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Marine Corps Logistics Base Albany


Readiness Enabler for Operational Forces  •
Tornado

By Marti Gatlin, Public Affairs Specialist | | September 30, 2010

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Editor’s note: This article is the second in a series about monitoring and preparing for severe weather.

Bad weather here isn’t limited to hurricanes, tropical storms and depressions.

Each can spawn tornadoes, high winds, thunderstorms and lightning. However, this time of year is not the only time when funnel clouds, thunder and lightning may pop up unexpectedly. When fall and spring seasons begin, temperature changes may bring these weather events.

To make sure everyone is ready for tornadoes, or any other weather or manmade disasters, the base and the rest of America observes National Preparedness Month throughout September.

MCLB Albany, local, state and national officials urge Americans to plan and be prepared for tornadoes, hurricanes, floods, lightning, high winds, earthquakes, fires, etc., that can impact their lives.

“Being located here in Southwest Georgia during the hurricane season, we are subject to high winds, violent storms, tornadoes, flooding, power outages and even fires, all which are so very dangerous, and can be initiated from a hurricane moving inland,” said Sgt. Maj. Stephen Thomas, sergeant major, MCLB Albany.

He stressed planning ahead of time as well as following experts’ suggestions to be able to weather a disaster.

“Tornadoes are extremely violent and destructive, and can happen at anytime, but that’s only one reason why it is so important to have a contingency plan for natural and even manmade disasters. In fact, families should sit together and discuss the dangers and what actions to take if any disaster were to arise.”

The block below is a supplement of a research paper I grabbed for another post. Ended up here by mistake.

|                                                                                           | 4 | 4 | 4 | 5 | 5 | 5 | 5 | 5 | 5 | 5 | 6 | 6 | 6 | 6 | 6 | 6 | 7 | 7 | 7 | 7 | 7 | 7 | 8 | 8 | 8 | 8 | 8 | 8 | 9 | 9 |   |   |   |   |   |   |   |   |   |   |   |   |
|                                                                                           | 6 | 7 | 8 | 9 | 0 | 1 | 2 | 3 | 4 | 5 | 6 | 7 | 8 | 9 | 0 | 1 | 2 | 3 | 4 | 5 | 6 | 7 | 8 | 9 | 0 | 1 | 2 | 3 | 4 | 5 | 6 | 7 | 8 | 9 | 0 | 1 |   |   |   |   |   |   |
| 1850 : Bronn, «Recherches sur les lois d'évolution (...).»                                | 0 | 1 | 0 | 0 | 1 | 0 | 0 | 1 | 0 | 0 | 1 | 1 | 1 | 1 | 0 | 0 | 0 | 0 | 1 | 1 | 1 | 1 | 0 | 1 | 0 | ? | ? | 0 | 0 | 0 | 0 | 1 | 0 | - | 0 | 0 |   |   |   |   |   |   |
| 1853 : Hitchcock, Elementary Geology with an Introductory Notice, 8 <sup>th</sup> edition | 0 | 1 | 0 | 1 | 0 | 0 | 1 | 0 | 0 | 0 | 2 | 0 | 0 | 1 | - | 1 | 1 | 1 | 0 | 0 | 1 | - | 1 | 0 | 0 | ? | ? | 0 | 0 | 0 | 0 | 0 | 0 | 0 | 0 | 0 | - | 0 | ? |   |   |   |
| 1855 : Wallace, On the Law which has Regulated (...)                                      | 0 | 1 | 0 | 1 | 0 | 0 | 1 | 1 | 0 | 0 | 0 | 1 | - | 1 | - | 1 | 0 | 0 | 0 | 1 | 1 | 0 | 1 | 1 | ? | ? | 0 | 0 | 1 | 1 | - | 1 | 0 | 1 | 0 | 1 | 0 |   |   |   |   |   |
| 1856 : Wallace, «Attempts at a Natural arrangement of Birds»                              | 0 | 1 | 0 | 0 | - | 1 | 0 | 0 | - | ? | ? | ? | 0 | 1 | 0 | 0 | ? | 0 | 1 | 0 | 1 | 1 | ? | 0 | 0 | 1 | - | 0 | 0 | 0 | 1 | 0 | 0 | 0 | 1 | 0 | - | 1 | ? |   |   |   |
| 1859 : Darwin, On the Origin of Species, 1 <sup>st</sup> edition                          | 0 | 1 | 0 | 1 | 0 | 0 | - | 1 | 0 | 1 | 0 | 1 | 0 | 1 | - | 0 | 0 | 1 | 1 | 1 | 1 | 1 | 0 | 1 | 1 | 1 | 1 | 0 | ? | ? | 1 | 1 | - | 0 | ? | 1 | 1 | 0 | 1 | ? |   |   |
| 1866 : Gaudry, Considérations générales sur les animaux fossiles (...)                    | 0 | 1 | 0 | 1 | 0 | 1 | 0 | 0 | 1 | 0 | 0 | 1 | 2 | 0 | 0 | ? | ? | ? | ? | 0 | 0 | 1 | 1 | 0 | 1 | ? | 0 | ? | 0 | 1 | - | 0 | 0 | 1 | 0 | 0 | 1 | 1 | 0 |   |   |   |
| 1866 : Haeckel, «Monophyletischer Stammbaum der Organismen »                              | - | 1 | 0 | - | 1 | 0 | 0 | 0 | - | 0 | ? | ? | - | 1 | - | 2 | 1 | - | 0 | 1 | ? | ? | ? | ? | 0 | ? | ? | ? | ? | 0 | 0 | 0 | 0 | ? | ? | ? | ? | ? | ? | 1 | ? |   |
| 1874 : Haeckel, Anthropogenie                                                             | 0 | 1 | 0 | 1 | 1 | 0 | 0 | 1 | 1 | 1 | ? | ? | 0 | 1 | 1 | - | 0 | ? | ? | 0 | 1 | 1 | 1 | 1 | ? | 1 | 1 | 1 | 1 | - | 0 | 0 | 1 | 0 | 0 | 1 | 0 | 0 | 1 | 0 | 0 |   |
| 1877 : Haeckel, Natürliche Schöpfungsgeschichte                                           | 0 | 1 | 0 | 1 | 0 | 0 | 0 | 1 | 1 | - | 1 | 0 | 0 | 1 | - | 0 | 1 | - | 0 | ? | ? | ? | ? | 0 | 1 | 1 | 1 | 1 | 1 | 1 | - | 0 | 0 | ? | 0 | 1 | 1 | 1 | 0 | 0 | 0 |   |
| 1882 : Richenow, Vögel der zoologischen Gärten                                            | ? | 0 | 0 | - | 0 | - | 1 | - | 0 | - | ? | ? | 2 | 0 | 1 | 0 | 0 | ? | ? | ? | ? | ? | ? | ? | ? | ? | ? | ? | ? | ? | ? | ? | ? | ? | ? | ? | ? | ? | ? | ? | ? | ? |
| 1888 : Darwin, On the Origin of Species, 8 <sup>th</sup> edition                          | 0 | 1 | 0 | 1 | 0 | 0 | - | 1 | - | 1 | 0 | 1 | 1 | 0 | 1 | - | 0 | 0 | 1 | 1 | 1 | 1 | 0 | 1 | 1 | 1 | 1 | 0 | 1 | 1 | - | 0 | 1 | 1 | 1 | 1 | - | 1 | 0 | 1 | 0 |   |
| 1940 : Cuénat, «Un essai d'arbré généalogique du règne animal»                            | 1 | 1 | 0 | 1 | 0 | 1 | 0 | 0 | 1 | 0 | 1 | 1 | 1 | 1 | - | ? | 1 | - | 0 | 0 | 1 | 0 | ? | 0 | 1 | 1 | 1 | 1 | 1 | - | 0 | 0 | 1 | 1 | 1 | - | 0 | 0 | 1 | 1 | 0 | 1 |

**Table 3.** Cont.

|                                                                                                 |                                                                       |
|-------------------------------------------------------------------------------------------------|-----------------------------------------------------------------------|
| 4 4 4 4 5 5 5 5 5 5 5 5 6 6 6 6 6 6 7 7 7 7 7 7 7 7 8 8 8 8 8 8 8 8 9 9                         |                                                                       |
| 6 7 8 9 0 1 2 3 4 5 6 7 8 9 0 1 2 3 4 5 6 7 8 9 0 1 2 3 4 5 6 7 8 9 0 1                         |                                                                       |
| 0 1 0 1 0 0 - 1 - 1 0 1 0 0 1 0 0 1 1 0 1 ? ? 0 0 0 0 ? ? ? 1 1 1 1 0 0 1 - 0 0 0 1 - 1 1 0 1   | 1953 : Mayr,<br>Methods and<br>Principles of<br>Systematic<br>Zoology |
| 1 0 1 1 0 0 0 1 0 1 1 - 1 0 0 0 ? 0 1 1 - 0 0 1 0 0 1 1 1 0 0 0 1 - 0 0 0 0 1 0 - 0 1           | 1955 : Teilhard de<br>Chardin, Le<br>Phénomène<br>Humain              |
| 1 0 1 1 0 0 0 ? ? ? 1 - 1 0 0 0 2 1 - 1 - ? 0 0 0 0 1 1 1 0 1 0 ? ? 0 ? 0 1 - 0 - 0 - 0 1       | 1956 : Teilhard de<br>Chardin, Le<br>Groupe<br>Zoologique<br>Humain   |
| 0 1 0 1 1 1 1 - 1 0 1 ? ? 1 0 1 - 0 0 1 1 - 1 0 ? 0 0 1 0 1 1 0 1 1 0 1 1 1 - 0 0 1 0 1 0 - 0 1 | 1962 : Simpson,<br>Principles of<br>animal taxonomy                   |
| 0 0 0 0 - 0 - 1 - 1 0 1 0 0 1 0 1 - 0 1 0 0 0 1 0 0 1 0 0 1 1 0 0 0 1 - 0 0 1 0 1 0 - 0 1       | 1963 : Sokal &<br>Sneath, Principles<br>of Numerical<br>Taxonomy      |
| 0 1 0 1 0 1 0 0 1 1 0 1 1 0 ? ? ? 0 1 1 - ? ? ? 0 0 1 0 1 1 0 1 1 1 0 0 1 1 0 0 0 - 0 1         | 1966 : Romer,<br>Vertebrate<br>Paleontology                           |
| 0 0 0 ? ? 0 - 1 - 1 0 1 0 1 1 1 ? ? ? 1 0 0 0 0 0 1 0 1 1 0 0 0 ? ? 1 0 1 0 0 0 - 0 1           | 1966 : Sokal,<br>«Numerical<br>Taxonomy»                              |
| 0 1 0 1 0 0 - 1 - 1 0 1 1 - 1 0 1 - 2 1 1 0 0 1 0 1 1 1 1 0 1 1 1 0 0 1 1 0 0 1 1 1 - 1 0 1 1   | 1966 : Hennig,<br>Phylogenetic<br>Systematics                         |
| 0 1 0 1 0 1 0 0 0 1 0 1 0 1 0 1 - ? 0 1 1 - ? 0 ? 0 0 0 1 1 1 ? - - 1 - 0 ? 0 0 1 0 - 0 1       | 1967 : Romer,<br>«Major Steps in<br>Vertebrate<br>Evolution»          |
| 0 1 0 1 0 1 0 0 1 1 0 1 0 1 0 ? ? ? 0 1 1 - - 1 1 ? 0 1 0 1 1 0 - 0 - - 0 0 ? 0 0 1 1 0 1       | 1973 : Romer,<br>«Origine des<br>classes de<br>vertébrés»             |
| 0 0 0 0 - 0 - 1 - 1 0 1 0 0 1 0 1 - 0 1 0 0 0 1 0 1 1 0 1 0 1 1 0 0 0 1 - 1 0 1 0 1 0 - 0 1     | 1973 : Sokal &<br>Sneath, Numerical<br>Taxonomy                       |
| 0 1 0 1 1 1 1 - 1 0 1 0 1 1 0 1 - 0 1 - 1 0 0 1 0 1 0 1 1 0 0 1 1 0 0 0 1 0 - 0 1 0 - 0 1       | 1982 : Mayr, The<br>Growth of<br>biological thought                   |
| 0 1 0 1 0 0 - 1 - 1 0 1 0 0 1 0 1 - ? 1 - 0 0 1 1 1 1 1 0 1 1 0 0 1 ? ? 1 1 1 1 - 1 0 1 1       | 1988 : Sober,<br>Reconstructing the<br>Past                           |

He also recommended parents prepare their children to handle any kind of emergency, especially if they’re away from their homes and families, because it may help save their lives or someone else’s.

“In most cases, the more we prepare now for disasters and emergencies, the better off we’re going to be,” Thomas said. “It gives us a bit of peace of mind knowing if it does happen we can take the appropriate actions to stay safe and secure, and help will also be available. Since September is National Preparedness Month, it’s a great time to look over your emergency actions, update or improve them, or get relevant information from your command, local safety offices or the Internet.”

When there’s no electricity or water, individuals and families can sustain themselves with emergency kits. Lists of recommended supplies for at least three days can be found at www.ready.gov and www.ready.ga.gov.

When the National Weather Center in Tallahassee, Fla., sends out tornado watches and warnings for Southwest Georgia, Madeleine Tringali, operations and planning specialist, Operations and Training Division, MCLB Albany, monitors the weather more frequently throughout the watches and warnings.

If a storm may produce a tornado or high winds in the region, Base Operations or the Public Affairs Office staff notifies the MCLB Albany population through alerts on the installation’s Web site and via e-mail wild cards, she noted.

Another way officials announce tornado watches and warnings is through a mass notification system known as the “Big Voice.” Piped through loud speakers on large towers around the base and speakers mounted on buildings’ interior walls, operators at the Provost Marshal’s Dispatch Center deliver either pre-recorded or live messages and instructions using a MNS console, according to Willie Briskey, physical security specialist, Marine Corps Police Department, Public Safety Division.